Decision on fusion reactor could be made within weeks as industry backs Oldbury bid
A DECISION on whether to build a revolutionary nuclear fusion reactor near Thornbury could be made within weeks.
The team behind the Severn Edge bid to bring the £220 million project to create clean energy to Oldbury and Berkeley is waiting to see if its will be chosen by the government ahead of four other sites across Britain.
The Voice understands that the Department for Business, Energy and Industrial Strategy is expected to announce a decision on the site for the STEP (Spherical Tokamak for Energy Production) programme within the coming weeks, having been given guidance by the United Kingdom Atomic Energy Authority, which will run the flagship programme.
Nuclear fusion is different to the fission process used in older reactors, like those which are being decommissioned at Oldbury and Berkeley.
Instead of splitting the atoms of radioactive elements like uranium, it involves combining hydrogen isotopes under conditions of extreme pressure and temperature to create energy, which is then converted to generate electricity via a turbine.
Fusion has been described as potentially the “ultimate low carbon energy” source – but the challenge facing scientists is to create a reaction that produces more power than it consumes.
The Severn Edge bid is the only one on the table which involves two nations – England and Wales – and has so far received support from 28 businesses and organisations.
The Western Gateway partnership, the regional economic alliance which is leading the Severn Edge bid, has just announced backing from industry giants including Toshiba, Thales and Renishaw for its Severn Estuary site.
Toshiba Research Europe managing director Mahesh Sooriyabandara, Renishaw chief executive Will Lee and Thales director of cyber security and trust Tony Burton all voiced their “strong support” for bringing STEP to the area.
Tony said: "We passionately believe that bringing STEP to the Severn region will ensure it has the industrial and scientific capabilities, as well as the existing and future skills capacity it needs to be successful."
The industry backing follows support for the project from the universities of Bath, Bristol, Cardiff and Exeter announced in April.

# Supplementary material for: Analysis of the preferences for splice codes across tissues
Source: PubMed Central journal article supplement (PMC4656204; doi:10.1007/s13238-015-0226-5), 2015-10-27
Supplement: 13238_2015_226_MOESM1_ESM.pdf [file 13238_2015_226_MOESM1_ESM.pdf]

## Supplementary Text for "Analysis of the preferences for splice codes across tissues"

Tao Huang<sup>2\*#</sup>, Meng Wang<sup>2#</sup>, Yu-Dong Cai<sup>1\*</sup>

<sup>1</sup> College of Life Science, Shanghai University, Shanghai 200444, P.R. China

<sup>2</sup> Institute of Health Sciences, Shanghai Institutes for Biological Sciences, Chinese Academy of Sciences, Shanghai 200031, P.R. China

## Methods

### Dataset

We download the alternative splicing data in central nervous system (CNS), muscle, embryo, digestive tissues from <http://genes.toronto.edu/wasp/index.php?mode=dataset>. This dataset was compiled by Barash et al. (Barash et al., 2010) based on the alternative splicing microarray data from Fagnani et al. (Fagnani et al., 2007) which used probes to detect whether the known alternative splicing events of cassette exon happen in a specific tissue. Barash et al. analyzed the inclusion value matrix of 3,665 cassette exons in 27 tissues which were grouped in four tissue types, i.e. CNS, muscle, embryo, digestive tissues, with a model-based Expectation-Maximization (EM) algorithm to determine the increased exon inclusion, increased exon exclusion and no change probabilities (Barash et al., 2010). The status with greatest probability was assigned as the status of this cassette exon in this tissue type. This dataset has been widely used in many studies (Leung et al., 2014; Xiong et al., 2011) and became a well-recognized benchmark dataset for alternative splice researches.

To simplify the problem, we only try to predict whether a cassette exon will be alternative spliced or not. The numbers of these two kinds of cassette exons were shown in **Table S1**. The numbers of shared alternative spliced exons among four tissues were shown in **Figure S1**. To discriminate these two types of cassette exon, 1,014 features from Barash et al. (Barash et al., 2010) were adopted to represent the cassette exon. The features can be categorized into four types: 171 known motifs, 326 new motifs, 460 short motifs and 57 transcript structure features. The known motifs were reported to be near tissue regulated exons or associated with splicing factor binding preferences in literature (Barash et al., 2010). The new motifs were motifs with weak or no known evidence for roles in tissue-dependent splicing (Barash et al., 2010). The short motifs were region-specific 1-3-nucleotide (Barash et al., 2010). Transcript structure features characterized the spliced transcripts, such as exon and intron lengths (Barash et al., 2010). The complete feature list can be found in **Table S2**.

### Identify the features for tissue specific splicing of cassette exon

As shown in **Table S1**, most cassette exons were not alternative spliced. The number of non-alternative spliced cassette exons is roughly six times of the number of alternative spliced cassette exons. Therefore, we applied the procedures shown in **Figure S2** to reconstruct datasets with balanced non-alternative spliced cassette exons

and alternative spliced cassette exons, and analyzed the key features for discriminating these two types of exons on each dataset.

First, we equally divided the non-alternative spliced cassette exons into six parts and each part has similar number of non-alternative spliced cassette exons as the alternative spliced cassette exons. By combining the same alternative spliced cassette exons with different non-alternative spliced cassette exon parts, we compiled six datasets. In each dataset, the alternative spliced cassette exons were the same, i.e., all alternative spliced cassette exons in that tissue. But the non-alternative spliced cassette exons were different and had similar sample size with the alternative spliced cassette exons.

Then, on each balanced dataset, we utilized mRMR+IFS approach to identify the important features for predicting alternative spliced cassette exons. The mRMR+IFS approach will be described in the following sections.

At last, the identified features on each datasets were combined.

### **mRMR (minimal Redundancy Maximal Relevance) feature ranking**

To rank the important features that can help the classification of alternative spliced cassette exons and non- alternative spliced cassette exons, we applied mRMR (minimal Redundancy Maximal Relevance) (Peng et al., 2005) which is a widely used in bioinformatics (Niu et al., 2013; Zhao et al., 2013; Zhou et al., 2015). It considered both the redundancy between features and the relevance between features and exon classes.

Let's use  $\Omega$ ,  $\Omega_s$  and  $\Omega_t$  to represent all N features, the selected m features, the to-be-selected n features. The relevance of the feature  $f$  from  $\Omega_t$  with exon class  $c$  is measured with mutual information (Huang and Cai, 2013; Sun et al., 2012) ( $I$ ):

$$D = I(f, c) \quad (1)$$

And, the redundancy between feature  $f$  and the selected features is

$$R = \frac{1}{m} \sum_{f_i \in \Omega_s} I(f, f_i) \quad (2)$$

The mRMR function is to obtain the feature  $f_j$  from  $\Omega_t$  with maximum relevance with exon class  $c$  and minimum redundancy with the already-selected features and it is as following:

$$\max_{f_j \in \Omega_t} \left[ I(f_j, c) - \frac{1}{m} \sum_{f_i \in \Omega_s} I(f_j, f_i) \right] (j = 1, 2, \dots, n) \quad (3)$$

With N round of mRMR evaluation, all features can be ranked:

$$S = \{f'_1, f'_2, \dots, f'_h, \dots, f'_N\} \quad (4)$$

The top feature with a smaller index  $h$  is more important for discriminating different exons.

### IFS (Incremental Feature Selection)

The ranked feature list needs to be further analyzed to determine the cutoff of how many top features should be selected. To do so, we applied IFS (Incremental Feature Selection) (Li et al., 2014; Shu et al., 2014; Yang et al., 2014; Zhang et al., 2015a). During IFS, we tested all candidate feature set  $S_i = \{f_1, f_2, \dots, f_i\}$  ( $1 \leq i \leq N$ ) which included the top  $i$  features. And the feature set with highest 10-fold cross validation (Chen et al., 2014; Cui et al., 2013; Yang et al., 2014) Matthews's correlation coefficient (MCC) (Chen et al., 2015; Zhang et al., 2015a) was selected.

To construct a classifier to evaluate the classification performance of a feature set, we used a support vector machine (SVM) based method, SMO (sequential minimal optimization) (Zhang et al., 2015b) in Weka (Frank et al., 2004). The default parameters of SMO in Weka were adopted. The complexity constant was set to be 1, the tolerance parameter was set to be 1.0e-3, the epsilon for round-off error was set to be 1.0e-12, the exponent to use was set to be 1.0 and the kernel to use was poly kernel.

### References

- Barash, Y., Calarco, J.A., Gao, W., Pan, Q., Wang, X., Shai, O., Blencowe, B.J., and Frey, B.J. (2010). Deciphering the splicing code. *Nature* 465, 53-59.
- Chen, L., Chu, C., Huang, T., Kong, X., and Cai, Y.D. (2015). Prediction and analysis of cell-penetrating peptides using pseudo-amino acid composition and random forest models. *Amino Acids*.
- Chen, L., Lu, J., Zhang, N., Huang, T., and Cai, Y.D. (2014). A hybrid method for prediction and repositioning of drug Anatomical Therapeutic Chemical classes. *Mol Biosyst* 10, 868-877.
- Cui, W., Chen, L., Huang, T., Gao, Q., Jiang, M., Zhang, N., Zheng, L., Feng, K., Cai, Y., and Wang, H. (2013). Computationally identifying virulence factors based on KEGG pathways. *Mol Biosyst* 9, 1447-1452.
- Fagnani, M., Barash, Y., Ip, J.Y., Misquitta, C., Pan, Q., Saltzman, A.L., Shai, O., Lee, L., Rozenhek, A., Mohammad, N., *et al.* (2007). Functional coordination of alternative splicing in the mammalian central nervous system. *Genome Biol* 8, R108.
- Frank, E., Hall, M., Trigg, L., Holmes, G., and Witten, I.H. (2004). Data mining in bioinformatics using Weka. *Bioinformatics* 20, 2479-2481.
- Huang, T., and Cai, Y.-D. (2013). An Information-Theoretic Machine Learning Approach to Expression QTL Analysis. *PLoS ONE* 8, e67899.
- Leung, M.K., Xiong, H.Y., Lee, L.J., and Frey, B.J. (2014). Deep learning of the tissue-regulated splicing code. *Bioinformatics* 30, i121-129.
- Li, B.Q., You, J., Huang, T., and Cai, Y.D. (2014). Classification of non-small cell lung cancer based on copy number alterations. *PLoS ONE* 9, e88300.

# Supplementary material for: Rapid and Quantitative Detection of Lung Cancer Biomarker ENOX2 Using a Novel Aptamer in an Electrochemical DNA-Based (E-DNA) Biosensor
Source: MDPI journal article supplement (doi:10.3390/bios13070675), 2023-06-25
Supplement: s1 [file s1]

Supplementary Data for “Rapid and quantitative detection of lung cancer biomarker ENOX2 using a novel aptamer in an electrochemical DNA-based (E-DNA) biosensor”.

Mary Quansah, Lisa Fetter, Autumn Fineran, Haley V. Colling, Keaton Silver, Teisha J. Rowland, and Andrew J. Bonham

The GW4 Alliance, a research consortium which brings together these four universities, has written a public letter of support for plans to bring the UK’s first prototype fusion plant to the area.
They said the Severnside site would place the project at the “heart of an academic cluster with a unique breadth of skills and research capacity”, significantly increasing “the chances of successfully delivering STEP”.
GW4 Alliance director Dr Jo Jenkinson said: “This proposal offers an unprecedented opportunity to engage with a wealth of energy research expertise, world class facilities and cutting-edge equipment across the four GW4 universities."
The Severn Edge bid also received what organisers described as a "fantastic response" from the 300 more than people who attended public events in the Thornbury area during February.
Western Gateway partnership chair Katherine Bennett said: “We know that the Western Gateway area offers the national STEP Programme the best possible access to the most advanced technical skills and expert supply chains, to ensure the UK is world-leading in developing this clean energy solution.
"STEP would mean billions of pounds worth of investment and is part of the work our partnership is doing to develop our area as a Green Energy Super Cluster driving the UK’s transition to Net Zero."
More information about the STEP bid is available on the website www.western-gateway.co.uk.